Here’s my 9/18/2008 Idealware post, originally published at http://www.idealware.org/blog/2008/09/smartphone-follies.html
If you man the support desk, or are the accidental techie for an org of ten or more people, chances are that you get a lot of questions about smartphones. And these generally aren’t the “what should I get?” questions as often as they’re the “how do I get my email and schedule on my new [Blackberry/Iphone/Treo/Razr/MotoQ/Sidekick/Android Dream]?”. If the state of computing technology were akin to smartphones, you’d have Commodore, Leading Edge, IBM, and Apple computers, along with IBM Selectric typewriters to support, all running different operating systems and different applications. It’s somewhat insane.
So how can you politely impose some sanity on the smartphone madness? People love THEIR devices; the choice of an Iphone vs a Blackberry is as heated as any political debate. But there are some commons sense arguments that IT can make for a modicum of standardization, without totally denying your users some choice.
It all boils down to email. While smartphones feature a range of operating systems, email platforms tend to support cross-smartphone access. So what’s your email system?
Microsoft Exchange includes ActiveSync. If you run an Exchange server, ActiveSync-capable smartphones can connect directly and wirelessly to it, providing contact, calendar, email and (on some phones) task synchronization. Any Windows Mobile phone includes Activesync, as well as Palm Treos and the newest iPhones (version 2 and above). Exchange 2007 also includes handy features like remote device wipes and access to network shares.
Google Apps/GMail Google makes a GMail for Mobile application that works on most smartphones capable of running java applications, which includes all of the major variants (Windows Mobile, Blackberry, iPhone and Palm).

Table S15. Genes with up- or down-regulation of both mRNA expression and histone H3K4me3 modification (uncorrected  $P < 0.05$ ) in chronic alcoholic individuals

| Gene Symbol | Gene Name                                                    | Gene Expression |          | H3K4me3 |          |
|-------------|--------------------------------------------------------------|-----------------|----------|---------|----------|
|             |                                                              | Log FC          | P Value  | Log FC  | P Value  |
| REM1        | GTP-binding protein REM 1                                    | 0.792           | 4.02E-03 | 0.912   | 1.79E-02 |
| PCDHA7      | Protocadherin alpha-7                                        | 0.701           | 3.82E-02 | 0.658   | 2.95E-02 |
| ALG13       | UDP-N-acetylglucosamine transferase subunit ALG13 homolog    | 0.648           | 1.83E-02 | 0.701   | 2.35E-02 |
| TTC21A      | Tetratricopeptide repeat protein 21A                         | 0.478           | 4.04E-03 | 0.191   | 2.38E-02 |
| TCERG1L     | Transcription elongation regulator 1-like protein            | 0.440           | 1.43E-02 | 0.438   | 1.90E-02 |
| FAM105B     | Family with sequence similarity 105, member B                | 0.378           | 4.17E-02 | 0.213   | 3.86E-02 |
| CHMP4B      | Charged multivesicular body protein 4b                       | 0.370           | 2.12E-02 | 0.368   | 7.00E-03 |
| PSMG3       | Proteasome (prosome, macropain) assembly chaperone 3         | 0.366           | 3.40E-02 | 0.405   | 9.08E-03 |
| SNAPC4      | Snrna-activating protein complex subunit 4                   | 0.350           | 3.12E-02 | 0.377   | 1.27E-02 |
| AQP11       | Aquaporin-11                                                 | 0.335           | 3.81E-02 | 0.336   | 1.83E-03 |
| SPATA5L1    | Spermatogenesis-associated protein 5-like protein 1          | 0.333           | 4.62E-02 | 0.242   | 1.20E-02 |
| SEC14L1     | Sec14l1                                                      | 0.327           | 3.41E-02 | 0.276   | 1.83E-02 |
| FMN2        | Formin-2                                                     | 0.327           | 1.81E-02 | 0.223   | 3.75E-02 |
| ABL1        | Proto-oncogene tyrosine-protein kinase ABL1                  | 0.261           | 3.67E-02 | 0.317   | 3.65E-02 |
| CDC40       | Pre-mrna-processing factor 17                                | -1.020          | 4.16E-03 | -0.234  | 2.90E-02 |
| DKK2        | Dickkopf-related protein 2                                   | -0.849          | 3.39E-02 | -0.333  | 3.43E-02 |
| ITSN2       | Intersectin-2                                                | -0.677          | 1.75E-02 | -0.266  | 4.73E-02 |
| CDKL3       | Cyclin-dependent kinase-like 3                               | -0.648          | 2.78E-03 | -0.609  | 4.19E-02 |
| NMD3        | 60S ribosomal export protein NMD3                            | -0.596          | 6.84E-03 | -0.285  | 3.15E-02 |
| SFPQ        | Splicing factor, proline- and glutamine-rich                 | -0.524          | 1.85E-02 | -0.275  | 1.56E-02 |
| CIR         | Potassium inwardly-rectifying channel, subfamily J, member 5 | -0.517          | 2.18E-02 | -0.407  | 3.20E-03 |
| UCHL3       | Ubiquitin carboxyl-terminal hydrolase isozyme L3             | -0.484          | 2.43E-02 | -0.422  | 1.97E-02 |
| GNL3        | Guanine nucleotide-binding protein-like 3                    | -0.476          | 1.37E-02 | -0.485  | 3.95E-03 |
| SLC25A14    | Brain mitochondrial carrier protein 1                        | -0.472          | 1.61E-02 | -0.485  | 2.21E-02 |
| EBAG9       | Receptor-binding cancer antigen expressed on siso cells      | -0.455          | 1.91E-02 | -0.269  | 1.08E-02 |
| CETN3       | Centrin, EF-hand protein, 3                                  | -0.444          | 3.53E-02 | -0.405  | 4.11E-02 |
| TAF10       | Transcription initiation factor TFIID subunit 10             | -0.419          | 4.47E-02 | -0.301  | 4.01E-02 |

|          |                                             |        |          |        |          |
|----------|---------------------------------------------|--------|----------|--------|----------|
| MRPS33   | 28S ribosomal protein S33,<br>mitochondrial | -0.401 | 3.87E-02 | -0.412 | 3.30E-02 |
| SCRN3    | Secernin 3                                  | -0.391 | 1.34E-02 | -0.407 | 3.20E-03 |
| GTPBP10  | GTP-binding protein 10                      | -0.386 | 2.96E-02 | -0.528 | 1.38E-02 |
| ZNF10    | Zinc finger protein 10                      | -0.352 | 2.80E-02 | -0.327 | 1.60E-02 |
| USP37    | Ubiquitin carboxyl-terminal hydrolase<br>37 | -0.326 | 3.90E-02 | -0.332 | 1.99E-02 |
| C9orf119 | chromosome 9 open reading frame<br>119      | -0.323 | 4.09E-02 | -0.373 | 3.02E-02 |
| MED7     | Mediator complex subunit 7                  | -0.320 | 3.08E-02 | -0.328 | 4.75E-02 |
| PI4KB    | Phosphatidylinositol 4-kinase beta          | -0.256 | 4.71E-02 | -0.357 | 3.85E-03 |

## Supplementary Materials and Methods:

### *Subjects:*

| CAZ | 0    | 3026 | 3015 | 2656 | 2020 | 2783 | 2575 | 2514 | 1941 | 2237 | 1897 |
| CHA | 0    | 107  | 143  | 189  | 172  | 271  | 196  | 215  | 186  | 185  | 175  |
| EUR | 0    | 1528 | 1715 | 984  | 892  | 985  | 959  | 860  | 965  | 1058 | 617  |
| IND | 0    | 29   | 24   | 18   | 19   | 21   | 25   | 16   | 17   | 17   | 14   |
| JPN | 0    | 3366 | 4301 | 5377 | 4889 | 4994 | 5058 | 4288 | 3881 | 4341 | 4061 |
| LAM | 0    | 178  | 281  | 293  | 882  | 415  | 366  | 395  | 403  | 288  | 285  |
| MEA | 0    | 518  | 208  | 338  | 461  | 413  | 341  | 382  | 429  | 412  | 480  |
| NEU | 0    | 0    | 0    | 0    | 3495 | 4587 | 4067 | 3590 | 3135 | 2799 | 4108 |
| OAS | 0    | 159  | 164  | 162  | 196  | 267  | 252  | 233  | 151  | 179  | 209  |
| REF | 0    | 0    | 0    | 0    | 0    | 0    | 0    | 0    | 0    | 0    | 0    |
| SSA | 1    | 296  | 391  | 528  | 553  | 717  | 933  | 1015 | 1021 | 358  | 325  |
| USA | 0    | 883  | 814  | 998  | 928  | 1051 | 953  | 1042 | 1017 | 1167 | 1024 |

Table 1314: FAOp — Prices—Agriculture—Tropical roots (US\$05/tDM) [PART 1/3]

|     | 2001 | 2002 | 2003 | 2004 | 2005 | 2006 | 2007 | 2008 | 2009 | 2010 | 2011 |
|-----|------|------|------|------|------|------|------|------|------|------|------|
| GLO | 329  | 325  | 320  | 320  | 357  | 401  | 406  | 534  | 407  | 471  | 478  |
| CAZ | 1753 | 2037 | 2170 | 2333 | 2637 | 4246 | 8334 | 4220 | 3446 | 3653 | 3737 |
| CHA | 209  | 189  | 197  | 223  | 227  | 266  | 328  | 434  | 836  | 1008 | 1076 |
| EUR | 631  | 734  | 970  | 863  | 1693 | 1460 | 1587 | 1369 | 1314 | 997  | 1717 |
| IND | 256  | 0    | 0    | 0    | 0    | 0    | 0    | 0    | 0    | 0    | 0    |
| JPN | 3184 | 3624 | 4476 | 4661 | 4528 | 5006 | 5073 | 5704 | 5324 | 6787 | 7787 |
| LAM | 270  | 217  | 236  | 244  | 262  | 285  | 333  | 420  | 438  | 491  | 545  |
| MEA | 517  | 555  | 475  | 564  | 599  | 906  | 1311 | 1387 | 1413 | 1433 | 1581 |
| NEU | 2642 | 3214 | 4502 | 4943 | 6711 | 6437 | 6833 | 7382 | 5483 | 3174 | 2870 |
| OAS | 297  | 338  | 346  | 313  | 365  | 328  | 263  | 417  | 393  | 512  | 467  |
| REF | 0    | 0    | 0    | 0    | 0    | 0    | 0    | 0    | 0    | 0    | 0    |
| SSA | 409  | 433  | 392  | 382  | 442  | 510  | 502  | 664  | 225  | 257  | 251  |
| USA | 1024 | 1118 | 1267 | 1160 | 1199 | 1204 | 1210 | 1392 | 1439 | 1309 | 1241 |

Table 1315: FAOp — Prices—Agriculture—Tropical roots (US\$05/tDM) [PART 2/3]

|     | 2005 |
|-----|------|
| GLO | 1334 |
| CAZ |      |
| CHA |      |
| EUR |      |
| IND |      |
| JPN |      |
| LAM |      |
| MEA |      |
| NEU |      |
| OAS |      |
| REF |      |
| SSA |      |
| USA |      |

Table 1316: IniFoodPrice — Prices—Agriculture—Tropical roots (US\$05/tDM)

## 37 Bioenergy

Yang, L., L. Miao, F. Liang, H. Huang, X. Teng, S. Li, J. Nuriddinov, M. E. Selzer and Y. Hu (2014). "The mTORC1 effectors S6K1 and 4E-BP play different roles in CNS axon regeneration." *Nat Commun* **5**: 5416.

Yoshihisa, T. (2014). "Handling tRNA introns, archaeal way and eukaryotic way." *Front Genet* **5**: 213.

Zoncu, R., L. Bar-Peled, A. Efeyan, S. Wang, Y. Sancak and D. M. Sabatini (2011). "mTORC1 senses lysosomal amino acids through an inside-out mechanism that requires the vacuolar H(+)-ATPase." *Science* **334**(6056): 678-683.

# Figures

If you don’t use GMail or have an Exchange server (you either run Outlook or Outlook Express without your own server, or you use a different system), Blackberries offer the ubiquitous solution. RIM, the company that makes them, runs their own server that can act as a gateway for your email service and forward the mail to your phone. Before Microsoft figured out how to support mobiles, this was a sweet, revolutionary offering, but my take is that, compared to Exchange/Activesync, it’s now a bit of a kludge. If you use Blackberries with Exchange, you can increase functionality by buying their Exchange add-in server, but that’s a significant investment that you’re not likely to make without a large fleet of phones. In the meantime, though, here’s a tip: when you set up that Blackberry to access Exchange, pick Outlook WebAccess, not Outlook (assuming you also run Webaccess). The integration through Webaccess updates the server when you read messages on the phone; the vanilla Outlook integration doesn’t. Outlook should be chosen when you don’t offer WebAccess with Exchange.
At my job, we have Exchange and a smartphone policy that states that we support Activesync, as opposed to any particular device. We recommend that our users get Treos or iPhones, because we like them, but don’t complain if they get Wings or MotoQ’s or whatever, because Activesync works the same way on any Windows Mobile device. The staff appreciates the guidance and flexibility; we enjoy the reduced time figuring every new phone out.